Tips And Tricks From A Veteran - The ACT Test
Nov 21, 2000 (Updated Dec 16, 2000)
When I went to take the ACT during the spring of my junior year of high school, I was completely clueless. Even though I had taken a couple of the practice tests, I had no idea what the test would really be like. How would the testing room be set up? Would we get a break? What if all of my pencils simultaneously snapped, leaving me leadless and frightened? It didn't end up being the nightmare that I had thought (I actually did really well!), but to put any nervous ACT takers' minds at ease, here are my tips for achieving ACT success:
Step one: Figure out which colleges you're most interested in. It might be a little soon for this, but you have the option of writing down the schools you'd like your scores sent to when you take the test. To save yourself money and the hassle of sending scores to other schools after the test, it's best to be able to make an educated guess at the time of the test.
Step two: Sign up for the test immediately. It should go without saying, but don't put it off. You really need to take the test to get into most colleges and universities. Even if you're not thrilled about the prospect of taking the ACT, get it over with as soon as you can. You'll feel much better.
Step three: Buy one or two books on the ACT. Don't go overboard with buying books; you won't use them much and you really don't need more than one or two good study books. I recommend buying books that include full practice tests. The two books I purchased were: "Cliffs ACT Preparation Guide" by Bobrow, Covino, Kay, & Nathan ($8.95) and "Barron's Pass Key to the ACT" by Ehrenhaft, Lehrman, Mundsack, & Obrecht ($7.95). I bought the books at Barnes and Noble, but you should be able to find ACT books at just about any bookstore. The Pass Key book helped me out a lot on the math section, so I recommend it if you need a lot of help with math!
Step four: Take a practice test. Don't go overboard though! You really don't need to take several practice tests to prepare for the test. I recommend taking a practice test before you've started studying; this will help you find out the areas that you'll need to study and will also get you familiar with the format of the test. If you have time, take another practice test after studying to see if you can improve your scores in the sections in which you hadn't done as well as you'd hoped.
Step five: Study only what you really need help with. The ACT is broken into four sections: English, math, reading, and science. If you're good at English, don't even consider studying for that section of the test. If math is your strong point, don't study for that. Since I do well in English, reading, and science, I only studied for the math section. And since I had just finished a year of algebra but hadn't taken geometry in a couple years, I only studied geometry and the few things in algebra I hadn't fully understood. Don't overstudy for the test or you'll become a ball of tension. Study for a couple of hours a week before the test, and for an hour or so a couple of nights before the test. You're not going to learn a lot of new information by cramming!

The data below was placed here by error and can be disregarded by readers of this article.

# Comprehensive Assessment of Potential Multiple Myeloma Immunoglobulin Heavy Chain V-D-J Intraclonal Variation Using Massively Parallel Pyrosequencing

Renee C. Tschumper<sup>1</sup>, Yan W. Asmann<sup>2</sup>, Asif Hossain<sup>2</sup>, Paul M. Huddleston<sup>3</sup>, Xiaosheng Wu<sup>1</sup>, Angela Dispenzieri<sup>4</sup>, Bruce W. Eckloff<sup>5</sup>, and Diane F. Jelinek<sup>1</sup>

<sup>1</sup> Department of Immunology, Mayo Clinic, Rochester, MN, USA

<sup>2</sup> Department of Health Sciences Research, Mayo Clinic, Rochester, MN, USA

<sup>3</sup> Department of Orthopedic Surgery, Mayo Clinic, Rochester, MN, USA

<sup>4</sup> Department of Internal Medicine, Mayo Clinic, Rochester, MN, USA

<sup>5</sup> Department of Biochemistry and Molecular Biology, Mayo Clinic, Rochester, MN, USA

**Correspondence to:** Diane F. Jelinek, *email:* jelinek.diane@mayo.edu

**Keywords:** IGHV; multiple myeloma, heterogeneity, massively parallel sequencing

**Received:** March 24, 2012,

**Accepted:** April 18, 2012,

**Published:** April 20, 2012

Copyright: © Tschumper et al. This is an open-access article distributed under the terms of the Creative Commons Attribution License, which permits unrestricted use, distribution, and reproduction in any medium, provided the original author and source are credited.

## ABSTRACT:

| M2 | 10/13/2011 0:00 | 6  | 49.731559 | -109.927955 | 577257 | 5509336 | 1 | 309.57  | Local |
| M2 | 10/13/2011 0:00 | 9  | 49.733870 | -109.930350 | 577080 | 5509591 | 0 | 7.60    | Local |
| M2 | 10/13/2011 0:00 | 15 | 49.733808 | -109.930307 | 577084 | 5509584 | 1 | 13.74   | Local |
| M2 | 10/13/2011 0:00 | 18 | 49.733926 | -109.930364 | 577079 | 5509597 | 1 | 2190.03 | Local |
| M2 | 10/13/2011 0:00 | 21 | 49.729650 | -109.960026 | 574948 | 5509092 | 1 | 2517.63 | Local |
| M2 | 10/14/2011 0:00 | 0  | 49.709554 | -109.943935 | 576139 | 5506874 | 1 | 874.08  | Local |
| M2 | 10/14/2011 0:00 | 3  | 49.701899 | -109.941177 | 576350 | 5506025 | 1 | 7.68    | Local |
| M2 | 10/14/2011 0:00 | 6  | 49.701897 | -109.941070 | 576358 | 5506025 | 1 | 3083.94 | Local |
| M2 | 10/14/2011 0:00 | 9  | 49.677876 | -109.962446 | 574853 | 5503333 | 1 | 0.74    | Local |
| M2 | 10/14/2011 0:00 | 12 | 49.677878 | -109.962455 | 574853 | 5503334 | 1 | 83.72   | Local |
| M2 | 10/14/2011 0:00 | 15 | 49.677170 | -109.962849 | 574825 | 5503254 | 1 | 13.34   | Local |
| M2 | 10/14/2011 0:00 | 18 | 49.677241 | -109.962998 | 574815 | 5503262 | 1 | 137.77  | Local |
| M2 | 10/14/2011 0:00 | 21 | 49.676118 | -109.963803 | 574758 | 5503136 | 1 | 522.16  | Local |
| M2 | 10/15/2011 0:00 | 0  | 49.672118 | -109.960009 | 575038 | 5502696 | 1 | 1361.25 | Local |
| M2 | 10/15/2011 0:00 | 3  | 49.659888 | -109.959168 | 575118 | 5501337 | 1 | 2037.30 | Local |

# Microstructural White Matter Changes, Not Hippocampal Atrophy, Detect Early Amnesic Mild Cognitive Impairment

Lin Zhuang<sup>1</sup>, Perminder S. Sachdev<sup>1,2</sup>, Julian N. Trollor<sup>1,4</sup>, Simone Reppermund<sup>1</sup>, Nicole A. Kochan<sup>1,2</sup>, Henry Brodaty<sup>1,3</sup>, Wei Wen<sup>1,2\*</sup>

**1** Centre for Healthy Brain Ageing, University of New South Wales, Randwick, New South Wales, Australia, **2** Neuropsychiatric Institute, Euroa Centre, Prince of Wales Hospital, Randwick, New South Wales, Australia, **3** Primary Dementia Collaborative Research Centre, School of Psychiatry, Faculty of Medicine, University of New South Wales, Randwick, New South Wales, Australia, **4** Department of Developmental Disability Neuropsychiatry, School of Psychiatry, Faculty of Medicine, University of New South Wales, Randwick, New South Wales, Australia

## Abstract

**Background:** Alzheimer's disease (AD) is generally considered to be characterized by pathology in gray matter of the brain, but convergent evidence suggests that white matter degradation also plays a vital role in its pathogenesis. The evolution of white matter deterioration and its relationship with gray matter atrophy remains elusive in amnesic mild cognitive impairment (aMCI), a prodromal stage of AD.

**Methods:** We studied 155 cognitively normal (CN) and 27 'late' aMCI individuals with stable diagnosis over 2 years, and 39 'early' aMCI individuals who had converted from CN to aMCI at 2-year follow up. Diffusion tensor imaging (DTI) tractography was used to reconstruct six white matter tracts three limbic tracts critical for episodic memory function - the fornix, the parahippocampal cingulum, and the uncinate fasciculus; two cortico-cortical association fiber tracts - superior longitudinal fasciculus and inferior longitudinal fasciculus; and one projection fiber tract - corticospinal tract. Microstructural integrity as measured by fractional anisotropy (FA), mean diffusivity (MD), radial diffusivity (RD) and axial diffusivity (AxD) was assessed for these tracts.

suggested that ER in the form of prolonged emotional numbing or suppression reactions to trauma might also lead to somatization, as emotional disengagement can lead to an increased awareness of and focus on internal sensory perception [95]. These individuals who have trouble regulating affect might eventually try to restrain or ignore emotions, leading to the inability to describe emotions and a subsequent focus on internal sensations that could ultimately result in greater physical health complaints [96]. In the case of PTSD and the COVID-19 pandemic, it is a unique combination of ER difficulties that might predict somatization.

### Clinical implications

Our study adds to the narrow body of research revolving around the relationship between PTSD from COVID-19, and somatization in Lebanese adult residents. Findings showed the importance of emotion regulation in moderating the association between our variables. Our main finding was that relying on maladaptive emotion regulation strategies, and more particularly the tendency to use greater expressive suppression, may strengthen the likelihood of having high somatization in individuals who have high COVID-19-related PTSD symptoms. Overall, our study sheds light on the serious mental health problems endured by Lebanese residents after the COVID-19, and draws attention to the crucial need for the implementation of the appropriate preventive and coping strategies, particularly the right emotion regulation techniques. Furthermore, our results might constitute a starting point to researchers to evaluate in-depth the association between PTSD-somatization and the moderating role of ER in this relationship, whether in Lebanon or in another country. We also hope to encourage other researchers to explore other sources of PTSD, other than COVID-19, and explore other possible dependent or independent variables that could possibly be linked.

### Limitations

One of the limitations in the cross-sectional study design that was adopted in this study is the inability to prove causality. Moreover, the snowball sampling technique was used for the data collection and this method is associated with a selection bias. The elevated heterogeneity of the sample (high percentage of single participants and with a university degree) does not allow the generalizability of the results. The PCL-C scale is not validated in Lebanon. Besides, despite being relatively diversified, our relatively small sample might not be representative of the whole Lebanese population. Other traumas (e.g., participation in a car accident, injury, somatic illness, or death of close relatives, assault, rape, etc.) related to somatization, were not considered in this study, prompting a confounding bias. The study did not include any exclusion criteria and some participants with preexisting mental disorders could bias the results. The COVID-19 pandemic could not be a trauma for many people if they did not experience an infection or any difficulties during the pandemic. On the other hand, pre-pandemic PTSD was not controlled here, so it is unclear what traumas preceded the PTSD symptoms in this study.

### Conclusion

Step six: Eat and sleep! Go to bed early the night before. You do not want to be tired when you take the test the next morning, but you also don't want to be tense. Don't stay out all night, but hanging out with friends for a couple of hours the night before may help you relax if you're nervous about the test - just don't go out for coffee! The morning of the test (usually Saturdays), get up early and eat as much as you can for breakfast. Getting hungry during the test can be a distraction, so make sure you're full when you get there.
Step seven: You're finally at the test, so what should you have and what should you expect? My advice is to bring three or four sharpened, number two pencils. Even if you don't need all four, your tablemate just might (mine didn't even bring one pencil with him). Have a calculator handy - you can use it on the math section and you will definitely want it! Also, consider bringing a snack (for example, a granola bar and water) to eat during the break. You can't eat during the test, but if you can't go three or four hours without eating, bring something to snack on when you're allowed a break. It will make you feel much more relaxed if your stomach isn't growling during the final section! As for the set up of the test, this is my experience: I was in a large (cold) gymnasium. There were about 30 folding tables set out, with two people randomly assigned to each table. A clock was hung on the wall so that everyone could keep track of time, and the people administering the test walked around (to make sure no one was cheating) and timed the test. I had plently of time to finish all of the sections.
I hope this helps people who are looking into taking the ACT or who are worrying up their upcoming test! Remember to relax, take your time on the sections, and don't go absolutely crazy trying to study beforehand. You'll do best if you don't push yourself too hard.